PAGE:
The Inspired Heart: A Book Review

Spiritual food for the soul: Allow Jerry to take you on his magical and enlightening soul pilgrimage. As he invites you to accompany him along his life adventures, he introduces you to selfless acts of deep, human spirit and his fascinating relationships. Often, by chance encounters, Jerry immerses the reader into impromptu stories of surrealistic wonder and actual life experiences.

From his friendship with two, elderly sages; or E.T., the street kid - Jerry's autobiography inspires the uninspired, captivates the soul and brings a vital spark to everyday monotony. Jerry illustrates and exhibits the simplest of miracles - through soul journey.

His words, "...In the shadow lands of life's most terrifying experiences, something inherently noble in the human heart unexpectedly enters in and renders the voices of good and evil mute..." Poetically expressed, Jerry's wisdomful words echo transcendental advice into the inner-knowing and evolutionary, inner-peace process.

Broken down into humankind's most simple form, Jerry withdraws from `normal' human existence to fully embrace life's spiritual side. (His eventful life, in my own opinion, somewhat parallels the life of the so-called Jerry in the film, Down and Out in Beverly Hills.) Noncomedically however, he lived purely off chance and engaged in most uninspiring conditions; and made do with what life had to offer - never complaining...only transforming.

A human, but humbling experience, Jerry relays how his internal transformation came full circle. A book that promotes personal growth and comprehension of the mortal experience, The Inspired Heart is awe-inspiring, and an exceptional read.

To learn more about Artist/Author Jerry Wennstrom, feel free to visit his website at; or if you would like more information about how to get your own copy of his book, visit The Inspired Heart today.

The Inspired Heart - A Book Review
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By C. Bailey-Lloyd/LadyCamelot

C. Bailey-Lloyd/LadyCamelot is the Public Relations Director & Staff Writer for">Holistic Junction -- Your source of information for Holistic Practitioners;">Massage Schools,">Naturopathic Schools, Chiropractic and Reflexology Schools; Alternative Healthcare; Insightful Literature and so much more!

John Oliver's parody book about Vice President Mike Pence's family pet has sold out. The "Last Week Tonight" host appeared on "Ellen" on Tuesday to talk about his new children's book, "Last Week Tonight with John Oliver Presents a Day in the Life of Marlon Bundo." The book, which Oliver is using to troll Pence, coincides with the Pence family's release of their own children's book about the family pet rabbit, Marlon Bundo.

The American Library Association is facing significant financial challenges. The Trump administration wants to gut federal support for libraries. And librarians are fighting over whether its next executive director should be required to have a MLS degree...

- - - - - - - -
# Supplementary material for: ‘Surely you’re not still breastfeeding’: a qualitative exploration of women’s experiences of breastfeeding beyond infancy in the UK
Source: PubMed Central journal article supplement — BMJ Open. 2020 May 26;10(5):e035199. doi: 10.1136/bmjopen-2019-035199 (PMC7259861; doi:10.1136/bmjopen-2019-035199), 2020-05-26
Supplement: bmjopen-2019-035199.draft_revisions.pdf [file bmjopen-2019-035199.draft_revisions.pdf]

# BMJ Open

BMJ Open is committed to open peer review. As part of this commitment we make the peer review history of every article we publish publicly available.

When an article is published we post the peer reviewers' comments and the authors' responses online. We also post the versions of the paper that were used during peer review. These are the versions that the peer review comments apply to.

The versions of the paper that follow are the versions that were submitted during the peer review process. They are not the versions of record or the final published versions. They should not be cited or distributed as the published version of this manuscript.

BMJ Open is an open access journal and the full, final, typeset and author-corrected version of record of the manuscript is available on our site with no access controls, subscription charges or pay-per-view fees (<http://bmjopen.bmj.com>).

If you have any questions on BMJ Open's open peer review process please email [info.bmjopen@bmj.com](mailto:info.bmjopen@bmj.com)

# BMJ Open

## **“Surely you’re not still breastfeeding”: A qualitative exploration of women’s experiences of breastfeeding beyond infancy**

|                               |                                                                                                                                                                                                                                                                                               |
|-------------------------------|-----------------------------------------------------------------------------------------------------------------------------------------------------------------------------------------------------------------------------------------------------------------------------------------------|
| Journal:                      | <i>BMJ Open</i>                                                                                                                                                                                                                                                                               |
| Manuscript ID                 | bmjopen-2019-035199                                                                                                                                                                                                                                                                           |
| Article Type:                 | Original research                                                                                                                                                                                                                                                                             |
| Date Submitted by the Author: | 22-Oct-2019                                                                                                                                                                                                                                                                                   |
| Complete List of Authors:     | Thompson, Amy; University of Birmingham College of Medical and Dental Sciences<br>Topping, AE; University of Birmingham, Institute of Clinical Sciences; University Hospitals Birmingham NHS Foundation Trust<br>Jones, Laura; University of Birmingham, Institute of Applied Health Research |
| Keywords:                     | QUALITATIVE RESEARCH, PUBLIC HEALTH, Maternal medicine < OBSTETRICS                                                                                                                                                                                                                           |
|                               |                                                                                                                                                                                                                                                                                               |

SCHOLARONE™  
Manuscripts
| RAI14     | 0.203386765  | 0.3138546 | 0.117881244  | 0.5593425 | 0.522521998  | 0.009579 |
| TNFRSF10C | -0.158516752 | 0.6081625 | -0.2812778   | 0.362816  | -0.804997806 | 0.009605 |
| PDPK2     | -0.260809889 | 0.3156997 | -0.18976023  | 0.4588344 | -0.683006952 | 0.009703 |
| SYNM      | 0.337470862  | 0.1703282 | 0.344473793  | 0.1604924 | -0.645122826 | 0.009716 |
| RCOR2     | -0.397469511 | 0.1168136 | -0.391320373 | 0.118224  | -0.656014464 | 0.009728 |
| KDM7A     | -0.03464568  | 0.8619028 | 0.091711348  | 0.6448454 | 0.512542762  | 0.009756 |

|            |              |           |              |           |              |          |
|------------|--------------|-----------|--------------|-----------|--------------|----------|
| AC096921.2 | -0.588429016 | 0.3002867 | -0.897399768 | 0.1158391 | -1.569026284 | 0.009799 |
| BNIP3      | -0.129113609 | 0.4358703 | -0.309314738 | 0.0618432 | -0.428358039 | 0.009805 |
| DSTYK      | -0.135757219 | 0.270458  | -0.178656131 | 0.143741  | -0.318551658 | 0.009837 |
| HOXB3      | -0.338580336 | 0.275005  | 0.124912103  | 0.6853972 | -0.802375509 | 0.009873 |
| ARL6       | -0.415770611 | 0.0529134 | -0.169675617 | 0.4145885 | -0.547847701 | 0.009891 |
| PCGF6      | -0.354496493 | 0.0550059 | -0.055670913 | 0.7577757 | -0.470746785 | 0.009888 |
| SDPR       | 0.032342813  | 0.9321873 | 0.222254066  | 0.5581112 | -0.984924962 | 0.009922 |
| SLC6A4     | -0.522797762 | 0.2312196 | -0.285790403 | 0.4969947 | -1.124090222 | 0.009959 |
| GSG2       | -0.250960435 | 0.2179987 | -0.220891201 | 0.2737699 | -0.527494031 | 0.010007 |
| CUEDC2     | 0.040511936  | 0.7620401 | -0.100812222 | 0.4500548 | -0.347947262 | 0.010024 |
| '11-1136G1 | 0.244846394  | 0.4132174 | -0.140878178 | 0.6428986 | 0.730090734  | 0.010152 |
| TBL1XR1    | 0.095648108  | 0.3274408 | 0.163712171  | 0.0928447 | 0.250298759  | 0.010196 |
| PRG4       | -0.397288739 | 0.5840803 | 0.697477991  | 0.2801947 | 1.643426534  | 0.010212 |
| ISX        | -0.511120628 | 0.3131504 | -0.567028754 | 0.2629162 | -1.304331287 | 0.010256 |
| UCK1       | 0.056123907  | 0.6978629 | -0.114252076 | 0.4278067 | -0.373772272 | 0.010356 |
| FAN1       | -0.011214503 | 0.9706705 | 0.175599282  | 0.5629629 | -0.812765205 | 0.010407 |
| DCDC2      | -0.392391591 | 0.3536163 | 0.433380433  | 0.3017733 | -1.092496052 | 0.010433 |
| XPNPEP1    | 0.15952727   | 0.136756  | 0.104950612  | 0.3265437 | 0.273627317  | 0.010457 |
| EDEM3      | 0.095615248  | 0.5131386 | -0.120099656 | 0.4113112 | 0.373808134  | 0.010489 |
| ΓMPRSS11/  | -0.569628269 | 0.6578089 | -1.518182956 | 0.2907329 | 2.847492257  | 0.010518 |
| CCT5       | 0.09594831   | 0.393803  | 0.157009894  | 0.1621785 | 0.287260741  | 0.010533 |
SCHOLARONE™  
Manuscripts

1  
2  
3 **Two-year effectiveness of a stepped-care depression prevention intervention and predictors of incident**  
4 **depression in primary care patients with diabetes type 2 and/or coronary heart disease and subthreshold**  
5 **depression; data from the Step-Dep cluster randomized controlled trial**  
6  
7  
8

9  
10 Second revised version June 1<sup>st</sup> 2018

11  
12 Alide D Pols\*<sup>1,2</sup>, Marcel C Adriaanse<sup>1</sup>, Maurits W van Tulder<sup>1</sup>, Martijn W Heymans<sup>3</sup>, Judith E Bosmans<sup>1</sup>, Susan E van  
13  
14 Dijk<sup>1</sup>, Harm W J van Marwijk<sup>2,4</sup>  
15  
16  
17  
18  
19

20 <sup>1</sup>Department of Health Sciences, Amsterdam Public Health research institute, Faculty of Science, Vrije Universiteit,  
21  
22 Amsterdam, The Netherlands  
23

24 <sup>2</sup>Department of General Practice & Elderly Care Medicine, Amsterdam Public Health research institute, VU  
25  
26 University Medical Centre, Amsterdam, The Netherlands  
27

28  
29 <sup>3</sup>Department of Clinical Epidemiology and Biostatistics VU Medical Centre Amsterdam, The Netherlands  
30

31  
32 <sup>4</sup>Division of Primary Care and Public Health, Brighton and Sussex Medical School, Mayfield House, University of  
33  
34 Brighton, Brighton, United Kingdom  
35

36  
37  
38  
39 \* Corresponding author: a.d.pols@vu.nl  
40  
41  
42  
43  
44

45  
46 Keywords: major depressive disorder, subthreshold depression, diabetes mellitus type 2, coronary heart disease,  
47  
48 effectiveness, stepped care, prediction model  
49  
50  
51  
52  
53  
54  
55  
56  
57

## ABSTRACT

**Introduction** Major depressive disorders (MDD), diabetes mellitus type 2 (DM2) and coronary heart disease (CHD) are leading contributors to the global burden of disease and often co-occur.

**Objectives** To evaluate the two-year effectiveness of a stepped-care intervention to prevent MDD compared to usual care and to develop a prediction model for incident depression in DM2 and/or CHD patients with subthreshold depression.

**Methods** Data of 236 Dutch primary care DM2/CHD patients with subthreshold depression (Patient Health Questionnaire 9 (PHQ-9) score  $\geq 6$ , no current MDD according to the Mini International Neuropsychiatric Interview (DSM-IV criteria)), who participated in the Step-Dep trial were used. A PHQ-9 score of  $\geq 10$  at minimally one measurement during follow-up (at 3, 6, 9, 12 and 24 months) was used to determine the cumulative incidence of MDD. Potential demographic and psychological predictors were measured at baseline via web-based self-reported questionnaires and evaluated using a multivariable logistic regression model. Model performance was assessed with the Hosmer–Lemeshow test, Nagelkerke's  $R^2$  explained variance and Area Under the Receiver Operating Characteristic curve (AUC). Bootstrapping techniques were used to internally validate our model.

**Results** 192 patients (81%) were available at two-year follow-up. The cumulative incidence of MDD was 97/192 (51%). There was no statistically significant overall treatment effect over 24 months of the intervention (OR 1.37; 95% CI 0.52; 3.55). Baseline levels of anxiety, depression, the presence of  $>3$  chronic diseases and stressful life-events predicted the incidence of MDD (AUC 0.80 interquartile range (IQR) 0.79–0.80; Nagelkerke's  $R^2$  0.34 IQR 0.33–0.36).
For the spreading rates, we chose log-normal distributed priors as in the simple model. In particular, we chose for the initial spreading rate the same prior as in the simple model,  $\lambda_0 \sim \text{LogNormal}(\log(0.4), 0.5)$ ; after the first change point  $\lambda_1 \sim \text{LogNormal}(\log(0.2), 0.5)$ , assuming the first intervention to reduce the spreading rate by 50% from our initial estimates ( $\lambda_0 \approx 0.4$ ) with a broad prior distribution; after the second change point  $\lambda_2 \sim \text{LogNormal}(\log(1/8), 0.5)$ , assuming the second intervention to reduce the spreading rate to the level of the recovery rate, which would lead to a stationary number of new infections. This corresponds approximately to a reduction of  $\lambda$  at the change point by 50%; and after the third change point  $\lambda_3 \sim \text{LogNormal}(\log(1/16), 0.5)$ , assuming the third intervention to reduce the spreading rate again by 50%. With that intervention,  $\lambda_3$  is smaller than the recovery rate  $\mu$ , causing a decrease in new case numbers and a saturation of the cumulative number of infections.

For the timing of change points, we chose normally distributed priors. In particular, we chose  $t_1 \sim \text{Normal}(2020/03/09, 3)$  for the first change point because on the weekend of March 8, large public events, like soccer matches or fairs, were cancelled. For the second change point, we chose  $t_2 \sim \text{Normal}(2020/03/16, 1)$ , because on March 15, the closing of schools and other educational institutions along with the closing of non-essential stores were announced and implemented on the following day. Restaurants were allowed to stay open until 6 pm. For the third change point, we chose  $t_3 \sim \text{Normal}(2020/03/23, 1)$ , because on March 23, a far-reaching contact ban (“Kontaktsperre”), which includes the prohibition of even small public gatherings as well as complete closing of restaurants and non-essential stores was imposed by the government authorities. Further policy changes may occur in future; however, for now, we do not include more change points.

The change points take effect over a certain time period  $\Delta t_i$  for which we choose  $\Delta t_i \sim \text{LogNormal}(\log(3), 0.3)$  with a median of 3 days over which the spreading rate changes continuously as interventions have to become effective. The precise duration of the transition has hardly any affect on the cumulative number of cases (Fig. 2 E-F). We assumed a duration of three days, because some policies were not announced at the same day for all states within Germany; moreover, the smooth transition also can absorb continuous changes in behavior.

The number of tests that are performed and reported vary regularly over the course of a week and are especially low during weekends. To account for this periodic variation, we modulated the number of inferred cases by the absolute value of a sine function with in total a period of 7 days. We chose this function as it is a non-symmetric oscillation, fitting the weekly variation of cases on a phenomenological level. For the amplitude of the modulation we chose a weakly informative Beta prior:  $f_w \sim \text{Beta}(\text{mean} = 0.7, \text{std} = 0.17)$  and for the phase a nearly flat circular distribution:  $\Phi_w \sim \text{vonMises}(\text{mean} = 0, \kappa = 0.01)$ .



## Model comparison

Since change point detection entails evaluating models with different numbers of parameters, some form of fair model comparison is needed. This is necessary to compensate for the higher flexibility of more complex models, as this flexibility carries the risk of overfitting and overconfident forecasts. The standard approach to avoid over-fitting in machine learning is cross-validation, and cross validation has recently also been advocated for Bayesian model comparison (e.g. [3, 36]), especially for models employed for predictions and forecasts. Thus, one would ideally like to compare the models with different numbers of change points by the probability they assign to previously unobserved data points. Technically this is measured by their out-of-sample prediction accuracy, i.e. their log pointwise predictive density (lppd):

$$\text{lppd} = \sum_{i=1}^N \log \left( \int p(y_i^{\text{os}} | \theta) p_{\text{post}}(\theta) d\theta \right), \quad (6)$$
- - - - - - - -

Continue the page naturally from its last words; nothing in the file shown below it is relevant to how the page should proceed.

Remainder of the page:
The National Book Critics Circle announced the winners of its 2017 awards tonight:

Poetry: Layli Long Soldier, Whereas (Graywolf)

Criticism: Carina Chocano, You Play The Girl: On Playboy Bunnies, Stepford Wives, Trainwrecks, & Other Mixed Messages (Mariner)

Autobiography: Xiaolu Guo, Nine Continents: A Memoir In and Out of China (Grove)

Biography: Caroline Fraser, Prairie Fires: The American Dreams of Laura Ingalls Wilder (Metropolitan Books)

Nonfiction: Frances FitzGerald, The Evangelicals: The Struggle to Shape America (Simon & Schuster)

Fiction: Joan Silber, Improvement (Counterpoint)

The John Leonard Prize: Carmen Maria Machado, Her Body and Other Parties (Graywolf)

The Nona Balakian Citation for Excellence in Reviewing: Charles Finch

The Ivan Sandrof Lifetime Achievement Award: John McPhee

About three-quarters (74%) of Americans have read a book in the past 12 months in any format, a figure that has remained largely unchanged since 2012, according to a Pew Research Center survey conducted in January. Print books remain the most popular format for reading, with 67% of Americans having read a print book in the past year.

And while shares of print and e-book readers are similar to those from a survey conducted in 2016, there has been a modest but statistically significant increase in the share of Americans who read audiobooks, from 14% to 18%.

Overall, Americans read an average (mean) of 12 books per year, while the typical (median) American has read four books in the past 12 months. Each of these figures is largely unchanged since 2011, when the Center first began conducting the surveys of Americans' book reading habits.

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Accused by at least 10 women of sexual harassment, author Sherman Alexie has decided not to accept the Andrew Carnegie Medal for Excellence in Nonfiction that he won for You Don't Have to Say You Love Me: A Memoir (Little, Brown). His publisher has also delayed the release of the paperback edition.

The Guardian reports on the quandary facing romance authors--in the wake of #MeToo and Time's Up, how 'bad' should the bad boy be?

Introducing what will be an ongoing project, The New York Times writes, "Since 1851, obituaries in the New York Times have been dominated by white men. Now we're adding the stories of 15 remarkable women."

The obituaries published today include Sylvia Plath, Charlotte Bronte and Qui Jin (a feminist poet and revolutionary who became a martyr known as China's 'Joan of Arc.')

Reese Witherspoon and Kerry Washington will star in and executive produce the TV series Little Fires Everywhere, based on Celeste Ng's book.

Three women have gone on the record with NPR's All Things Considered--and at least seven others have spoken off the record with the show--about author Sherman Alexie's abusive treatment of them, confirming the anonymous and somewhat vague allegations that have been made recently online. ©